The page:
On Monday, the 10th anniversary of the Christchurch earthquake, Cromwell resident Amanda Greer placed flowers on a road cone.
The road cones, which lined streets for years after the magnitude-6.3 earthquake have become an enduring symbol for many who went through the trauma of the day.
Amanda Greer, now of Cromwell, was working in Christchurch on February 22, 2011, at 12.51pm.
She, husband Brian and their four sons lived in Leeston, and both parents worked in Christchurch.
At 12.51pm, she walked out of a building after completing a job interview.
During the shaking she ran to her car and drove to the town’s outskirts, on the way avoiding a truck jumping across the road towards her.
Mr Greer had to run from a building as concrete fell around him.
They had about $70,000 damage to their house, but some friends lost everything.
The aftershocks continued for five years, interrupting sleep, and as a result they became more stressed and exhausted.
She sometimes called her employer up north saying she could not work as the tremors prevented her sleeping, but she got little sympathy.
Mr Greer used to go into the ‘‘red zone’’ every day working for a contractor, but he found this distressing and resigned to return to a former job building motorhomes.
About five years ago they bought a retirement section in Cromwell, then three years ago Mr Greer’s sister died suddenly.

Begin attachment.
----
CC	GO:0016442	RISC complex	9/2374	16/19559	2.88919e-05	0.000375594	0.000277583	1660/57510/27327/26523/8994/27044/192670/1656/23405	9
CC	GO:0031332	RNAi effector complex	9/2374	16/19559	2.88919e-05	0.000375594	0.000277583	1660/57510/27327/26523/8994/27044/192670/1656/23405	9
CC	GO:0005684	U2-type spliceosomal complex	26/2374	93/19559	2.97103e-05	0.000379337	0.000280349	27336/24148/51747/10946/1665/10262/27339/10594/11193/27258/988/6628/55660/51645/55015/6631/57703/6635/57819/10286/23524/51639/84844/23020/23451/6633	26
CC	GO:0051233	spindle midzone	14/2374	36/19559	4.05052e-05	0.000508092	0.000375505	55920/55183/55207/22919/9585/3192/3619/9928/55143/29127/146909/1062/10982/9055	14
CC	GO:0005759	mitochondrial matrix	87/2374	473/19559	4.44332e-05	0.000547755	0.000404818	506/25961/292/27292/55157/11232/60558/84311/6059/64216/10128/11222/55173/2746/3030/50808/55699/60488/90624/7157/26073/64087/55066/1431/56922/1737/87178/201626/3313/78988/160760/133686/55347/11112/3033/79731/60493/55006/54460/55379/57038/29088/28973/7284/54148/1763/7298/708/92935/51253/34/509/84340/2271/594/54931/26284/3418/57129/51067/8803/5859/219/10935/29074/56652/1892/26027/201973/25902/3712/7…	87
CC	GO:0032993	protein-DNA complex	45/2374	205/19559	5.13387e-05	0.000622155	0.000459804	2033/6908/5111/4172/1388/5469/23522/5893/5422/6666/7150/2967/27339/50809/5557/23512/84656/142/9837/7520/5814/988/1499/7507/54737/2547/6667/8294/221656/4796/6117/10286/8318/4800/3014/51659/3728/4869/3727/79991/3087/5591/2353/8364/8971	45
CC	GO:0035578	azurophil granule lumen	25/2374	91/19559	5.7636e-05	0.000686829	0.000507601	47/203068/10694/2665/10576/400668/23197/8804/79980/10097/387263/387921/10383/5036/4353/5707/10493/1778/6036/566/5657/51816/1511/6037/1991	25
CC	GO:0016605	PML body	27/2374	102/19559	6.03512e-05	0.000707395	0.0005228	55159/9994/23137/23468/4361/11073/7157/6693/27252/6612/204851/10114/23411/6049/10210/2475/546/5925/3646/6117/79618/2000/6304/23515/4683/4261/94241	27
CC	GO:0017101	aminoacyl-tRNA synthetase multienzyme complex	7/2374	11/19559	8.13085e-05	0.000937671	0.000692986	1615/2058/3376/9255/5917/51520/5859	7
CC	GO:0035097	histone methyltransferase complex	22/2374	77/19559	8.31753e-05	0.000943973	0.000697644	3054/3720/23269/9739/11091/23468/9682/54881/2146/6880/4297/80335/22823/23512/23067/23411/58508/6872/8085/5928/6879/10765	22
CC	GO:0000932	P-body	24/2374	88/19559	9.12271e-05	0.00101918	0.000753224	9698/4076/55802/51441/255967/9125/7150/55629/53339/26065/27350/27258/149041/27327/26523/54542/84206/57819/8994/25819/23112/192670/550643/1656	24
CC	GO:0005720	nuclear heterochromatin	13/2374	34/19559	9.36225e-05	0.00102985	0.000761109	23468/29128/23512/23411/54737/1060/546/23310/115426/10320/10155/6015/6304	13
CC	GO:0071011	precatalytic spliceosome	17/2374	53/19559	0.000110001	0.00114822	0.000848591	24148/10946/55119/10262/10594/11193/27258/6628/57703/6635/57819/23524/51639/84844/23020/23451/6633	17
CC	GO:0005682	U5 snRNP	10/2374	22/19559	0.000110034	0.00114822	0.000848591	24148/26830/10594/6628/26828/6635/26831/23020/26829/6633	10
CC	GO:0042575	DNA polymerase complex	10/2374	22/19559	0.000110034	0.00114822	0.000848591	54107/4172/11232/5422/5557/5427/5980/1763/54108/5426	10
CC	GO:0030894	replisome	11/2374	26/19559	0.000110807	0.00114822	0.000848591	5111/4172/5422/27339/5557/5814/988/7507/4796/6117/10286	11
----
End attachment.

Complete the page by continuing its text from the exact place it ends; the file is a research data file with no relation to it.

‘‘She and her husband had so many plans and they did not have the opportunity to follow them through,’’ Mrs Greer said.
‘‘We thought, we also had plans and why are we doing this to ourselves and what are we waiting for?’’
They moved to Cromwell shortly after and now Mr Greer works in Wanaka for a joinery firm and Mrs Greer is an education co-ordinator for Central Otago Reap.
These days, they live in a state of preparedness for any natural disaster with stocks of emergency supplies.
Every time she enters a new building, Mrs Greer automatically searches for escape routes.
They recently returned to Christchurch and went into the Quake City exhibition.
‘‘That was really hard to do, to be confronted with sights and sounds and it took us right back to the earthquake.’’
However, some of the city’s vibrancy was returning.
She walked past a new building and next door was a cafe left exactly as it was the day of the earthquake, still with cups and plates on the table, which spoke volumes.
‘‘We are now very aware that life is fragile and we live every moment to the best we can.’’
Plans make big difference in disaster: official
Oliver Varley says he cannot emphasise enough how important it is to have conversations with family and neighbours about what would happen if there was an earthquake.